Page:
Chosen by Richard Mant, researcher
This is a copy in English of the entry for 12 March 1611 in the Court Book for the Manors of Woolavington, Wonworth and East Dean, dealing with the surrender of land by Edmund Maunt at the court baron in East Dean. The book covers the period 3 Oct 1597-28 Aug 1620, and includes the court customs for the manor of East Dean, 7 June 1651, in Latin.
Court rolls and later, books, are the records of manor courts which provided justice at a local level; recording the proceedings of the manor, which was the principal administrative unit of medieval landed estates. Manors varied in size but were administered by their lords as a single unit, and the ‘court baron’ was the court of the chief tenants of the manor, responsible for the internal regulation of the local affairs within the manor.
Recording the business of the court, the books can document the transferring of property rights and copyhold, the occupation of land, minor disputes and enforcement of law and order, and the regulation of agriculture and labour, amongst other things.
Manorial records can be invaluable as a resource for family and local history, providing information regarding the lowest members of the social hierarchy who were renting
and working on the land as much as those who owned and leased property and land. This court book in particular has revealed much about this branch of the Mant family. The entry shows that Richard is the son of Edmund Mant, the pater familias, who married Joan Hartley in West Dean in February 1560. Since it predates most of the surviving parish records for this area, it has helped to fill in many gaps in the family’s history, and reveals that the Mant family living in East Dean is the same family as those living in Charlton, Singleton and West Dean.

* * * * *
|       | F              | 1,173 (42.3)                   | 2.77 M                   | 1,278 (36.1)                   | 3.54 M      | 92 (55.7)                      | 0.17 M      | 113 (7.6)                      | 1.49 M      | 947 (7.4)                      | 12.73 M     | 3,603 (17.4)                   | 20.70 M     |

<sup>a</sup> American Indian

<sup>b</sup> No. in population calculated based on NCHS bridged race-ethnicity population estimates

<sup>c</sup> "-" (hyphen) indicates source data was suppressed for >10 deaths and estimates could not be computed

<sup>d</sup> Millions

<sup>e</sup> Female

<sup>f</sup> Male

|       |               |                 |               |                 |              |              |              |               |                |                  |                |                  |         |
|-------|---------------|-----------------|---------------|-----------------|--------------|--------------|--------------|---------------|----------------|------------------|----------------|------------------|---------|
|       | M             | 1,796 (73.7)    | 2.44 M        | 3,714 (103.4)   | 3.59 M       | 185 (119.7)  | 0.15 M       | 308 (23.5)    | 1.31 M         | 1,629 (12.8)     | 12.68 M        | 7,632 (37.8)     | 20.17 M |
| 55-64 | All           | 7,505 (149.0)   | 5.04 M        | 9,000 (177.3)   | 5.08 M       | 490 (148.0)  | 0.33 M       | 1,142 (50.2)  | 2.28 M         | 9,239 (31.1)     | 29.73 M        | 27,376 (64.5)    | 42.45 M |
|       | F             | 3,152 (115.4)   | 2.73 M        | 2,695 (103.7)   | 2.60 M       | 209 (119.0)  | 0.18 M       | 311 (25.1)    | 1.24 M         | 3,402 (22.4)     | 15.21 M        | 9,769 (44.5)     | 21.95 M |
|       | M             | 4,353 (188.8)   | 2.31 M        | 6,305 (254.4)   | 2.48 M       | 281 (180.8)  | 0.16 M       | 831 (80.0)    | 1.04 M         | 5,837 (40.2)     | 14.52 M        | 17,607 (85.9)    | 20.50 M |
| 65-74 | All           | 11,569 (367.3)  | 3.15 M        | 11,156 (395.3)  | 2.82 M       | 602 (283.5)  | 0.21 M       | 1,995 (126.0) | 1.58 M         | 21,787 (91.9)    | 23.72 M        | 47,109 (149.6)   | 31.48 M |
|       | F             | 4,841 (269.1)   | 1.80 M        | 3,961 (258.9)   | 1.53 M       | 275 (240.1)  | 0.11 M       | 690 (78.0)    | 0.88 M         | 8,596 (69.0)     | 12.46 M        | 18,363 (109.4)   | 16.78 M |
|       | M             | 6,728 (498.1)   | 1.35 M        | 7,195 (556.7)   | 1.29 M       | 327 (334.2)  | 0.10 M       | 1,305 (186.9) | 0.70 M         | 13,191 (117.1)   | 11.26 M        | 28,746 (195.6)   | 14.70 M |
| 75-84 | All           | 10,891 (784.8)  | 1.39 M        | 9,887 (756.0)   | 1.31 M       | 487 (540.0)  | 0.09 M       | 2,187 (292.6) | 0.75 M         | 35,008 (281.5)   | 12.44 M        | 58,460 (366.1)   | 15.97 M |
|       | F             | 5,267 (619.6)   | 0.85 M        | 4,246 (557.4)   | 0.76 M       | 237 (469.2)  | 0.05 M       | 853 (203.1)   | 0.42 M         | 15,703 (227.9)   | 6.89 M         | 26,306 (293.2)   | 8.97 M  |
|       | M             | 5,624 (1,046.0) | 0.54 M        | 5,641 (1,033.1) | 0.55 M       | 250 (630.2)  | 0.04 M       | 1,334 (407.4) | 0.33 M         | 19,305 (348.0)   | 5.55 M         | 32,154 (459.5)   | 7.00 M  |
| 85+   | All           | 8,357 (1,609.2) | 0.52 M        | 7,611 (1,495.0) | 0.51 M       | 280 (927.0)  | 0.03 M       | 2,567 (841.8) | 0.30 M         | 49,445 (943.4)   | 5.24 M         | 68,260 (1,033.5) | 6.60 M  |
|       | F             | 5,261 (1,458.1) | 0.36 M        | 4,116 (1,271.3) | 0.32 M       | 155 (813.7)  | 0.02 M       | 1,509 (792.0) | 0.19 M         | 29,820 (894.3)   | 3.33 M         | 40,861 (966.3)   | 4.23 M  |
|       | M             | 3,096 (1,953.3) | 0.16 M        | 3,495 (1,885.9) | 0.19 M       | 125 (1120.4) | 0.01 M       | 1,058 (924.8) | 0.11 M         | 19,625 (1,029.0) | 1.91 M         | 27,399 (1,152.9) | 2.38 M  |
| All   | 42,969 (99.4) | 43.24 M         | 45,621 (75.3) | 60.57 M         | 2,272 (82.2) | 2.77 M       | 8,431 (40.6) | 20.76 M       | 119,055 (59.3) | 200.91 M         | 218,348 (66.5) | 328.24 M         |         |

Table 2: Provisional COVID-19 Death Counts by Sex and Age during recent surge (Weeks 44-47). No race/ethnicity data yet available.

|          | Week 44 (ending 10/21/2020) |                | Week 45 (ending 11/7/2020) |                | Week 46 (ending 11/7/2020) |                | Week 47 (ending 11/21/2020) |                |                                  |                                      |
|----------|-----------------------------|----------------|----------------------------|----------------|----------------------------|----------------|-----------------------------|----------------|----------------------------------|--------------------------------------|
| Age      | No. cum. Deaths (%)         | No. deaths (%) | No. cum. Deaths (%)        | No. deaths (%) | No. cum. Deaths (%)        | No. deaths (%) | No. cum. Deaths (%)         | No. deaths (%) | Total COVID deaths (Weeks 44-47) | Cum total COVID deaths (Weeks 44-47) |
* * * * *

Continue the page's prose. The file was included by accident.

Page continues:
The record highlights where exactly in East Dean it was that Richard lived with his wife, Dowsabell, and their family, and proves that Edmund Mant held the lease (copyhold) for this land but had to surrender it to the lord of the manor before he could build a cottage on it. The records paint quite a picture, and places the family’s social and economic status within the larger context of the manor, allowing us to draw conclusions about their lives at this time.
If you are interested in finding out more about manorial records, the University of Nottingham has produced a useful online guide to manorial records available on their website – https://www.nottingham.ac.uk/manuscriptsandspecialcollections/researchguidance/manorial/introduction.aspx